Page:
2012-13 NBA Season Preview: Two Reasons the 2012-13 Lakers Aren't the 2003-04 Lakers

With the start of the 2012-13 NBA regular season nearing, You Only Blog Once is previewing the season with a series of "countdown" posts.

Tuesday: 7 storylines to watch for this season
Wednesday: 6 players on a ring-quest
Thursday: 5 League Pass Choice teams
Friday: 4 potential first-time All-Stars
Saturday: 3 non-LeBron MVP candidates
Today: 2 reasons these Lakers aren't the '03-04 Lakers

When the Lakers acquired Steve Nash and Dwight Howard this summer, many people immediately assumed Los Angeles was destined for another NBA title, or at the very least a trip to the NBA Finals. Some people, looking for any reason to discount the talent assembled by the Lakers, looked at the 2003-04 team, which added Karl Malone and Gary Payton to a core that already had Shaquille O'Neal and Kobe Bryant, but didn't win the title.

But this team isn't that team. Here's two good reasons why (and, as a bonus, two bad ways in which this team isn't that team!).

Nash and Howard aren't Payton and Malone

Simple as that. Next.

No, just kidding. But there's a huge difference in adding Howard and Nash vs. Payton and Malone. When the latter two joined the Lakers, they were a combined 75 years old. Malone had spent his entire career in one system, while Payton was coming off contentious departures with the Sonics and Bucks. Yes, Steve Nash is 38, but he's still going strong. His win shares per 48 minutes last year were actually better than Gary Payton's the year before he joined the Lakers, despite the age difference. He may also be a better fit, since he's a primary distributor, while Payton had more of a scorer's mentality.

Then there's Howard, who is so not Malone for so many reasons. In his prime, Karl Malone was better than Dwight Howard has been, at least offensively. However, the Lakers weren't adding prime Malone. They were adding 40-year-old Malone, with 18 years of wear and tear. The year before joining the Lakers, Malone's scoring average was the lowest it had been since his rookie year. And while Howard may be coming off an injury-plagued season, he still averaged 20 points and a league-high 14.5 rebounds per game last season. He's certainly in his prime (back issues notwithstanding).

The Lakers didn't add two guys looking to make one last run at a ring. They added one aging but still quality piece and one player who could become their franchise centerpiece for the next decade. That makes a big difference.

The outside issues of today aren't the outside issues of 2003-04

The big off-court distraction for this season's Lakers team is Dwight Howard's contract status, which isn't that big of a distraction since everyone knows he'll be headed for free agency in July. Yes, there's always the risk that he bolts, but the Lakers know that and are well-positioned to manage that risk.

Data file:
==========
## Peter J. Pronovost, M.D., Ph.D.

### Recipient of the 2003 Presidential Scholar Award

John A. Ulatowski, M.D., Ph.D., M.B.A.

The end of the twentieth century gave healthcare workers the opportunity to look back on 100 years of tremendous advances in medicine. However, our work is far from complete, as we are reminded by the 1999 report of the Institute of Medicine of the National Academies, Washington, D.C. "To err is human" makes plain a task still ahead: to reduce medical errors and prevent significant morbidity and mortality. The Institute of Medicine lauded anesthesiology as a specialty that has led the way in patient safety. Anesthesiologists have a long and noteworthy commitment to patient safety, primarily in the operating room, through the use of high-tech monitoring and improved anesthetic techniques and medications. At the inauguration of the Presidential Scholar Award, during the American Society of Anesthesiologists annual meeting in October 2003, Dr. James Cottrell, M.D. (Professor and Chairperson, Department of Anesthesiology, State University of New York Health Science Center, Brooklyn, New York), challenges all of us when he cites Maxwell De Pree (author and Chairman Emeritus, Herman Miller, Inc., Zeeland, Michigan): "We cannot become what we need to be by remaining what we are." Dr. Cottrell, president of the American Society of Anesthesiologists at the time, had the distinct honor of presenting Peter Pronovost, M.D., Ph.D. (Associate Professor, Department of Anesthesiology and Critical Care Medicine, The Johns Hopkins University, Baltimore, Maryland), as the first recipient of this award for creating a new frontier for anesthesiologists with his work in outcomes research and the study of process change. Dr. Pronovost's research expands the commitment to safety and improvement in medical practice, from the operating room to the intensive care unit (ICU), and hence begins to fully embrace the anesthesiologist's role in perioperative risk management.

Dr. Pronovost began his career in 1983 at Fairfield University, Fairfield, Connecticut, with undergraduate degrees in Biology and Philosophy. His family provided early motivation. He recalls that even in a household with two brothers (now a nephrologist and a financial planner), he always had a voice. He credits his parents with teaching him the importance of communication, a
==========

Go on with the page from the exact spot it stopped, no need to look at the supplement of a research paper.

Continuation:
Compare that to 2003-04, where the Lakers entered the season with Shaquille O'Neal undergoing last-minute surgery, keeping him out for the start of the season, and Kobe Bryant dealing with his court case in Colorado. Add in the fact that Kobe and Shaq were feuding, Malone didn't get along with Kobe to begin with, and Phil Jackson was secretly writing a book about the whole psychological disaster and, well, to paraphrase Bruce Banner, the 2003-04 Lakers weren't a team, they were a time bomb. One that happened to explode in the 2004 Finals.

I don't see this team imploding. Kobe and Pau Gasol like each other, Kobe and Nash may have been rivals in the past, but the good kind of competitive rivals -- I've never gotten the sense that they personally disliked each other, and they can even bond off the court through their mutual love of soccer. Dwight's a wild card, but he's really just so happy to be out of Orlando that he'll probably do everything he can to make things smooth in L.A.

So that's the good news. Now here's the bad news in the 2012-13 vs. 2003-04 comparison.

Kobe Bryant isn't Kobe Bryant anymore

Kobe Bryant is still a great player. One of the best in the NBA, to be sure. But the fact is he's 34 years old, has nearly two decades of NBA wear and tear on his knees, and he's no longer in his prime. 2003-04, statistically, was actually a down season for Kobe. He shot 43.8%, his worst performance from the field since becoming a starter, and saw his scoring average dip from 30.0 PPG to 24.0 PPG. But given the outside distractions, added supporting talent and injury issues, a drop-off was fully understandable.

Even with that drop, Kobe's numbers outside of pure scoring total were better in '03-04 than they were last year. And now Kobe is another year older, and already battling injury problems.

Sure, this year's Lakers team is loaded. But in those final moments, Kobe is still going to want the ball, and still going to expect to be Kobe. The question is can he be?

Mike Brown isn't Phil Jackson

In 2003-04, Jackson may have been anticipating his pending retirement, and probably anticipated it more and more as the season dragged on. Even so, I'll take half-checked-out Phil Jackson over Mike Brown any day of the week.

I think Brown gets a bad rap sometimes because of how his Cavs teams fell short in the playoffs (and because at times he seemed to have no offensive philosophy other than "give LeBron James the ball and hope for the best") but even the most ardent Brown supporters have to acknowledge that he's not on Phil Jackson's level. Not even close. Even if the Lakers' personalities don't clash like they did in '03-04, Brown still has a lot of egos to juggle, something that was Jackson's specialty. How well he does that will go a long way to determining how well the Lakers do in 2012-13.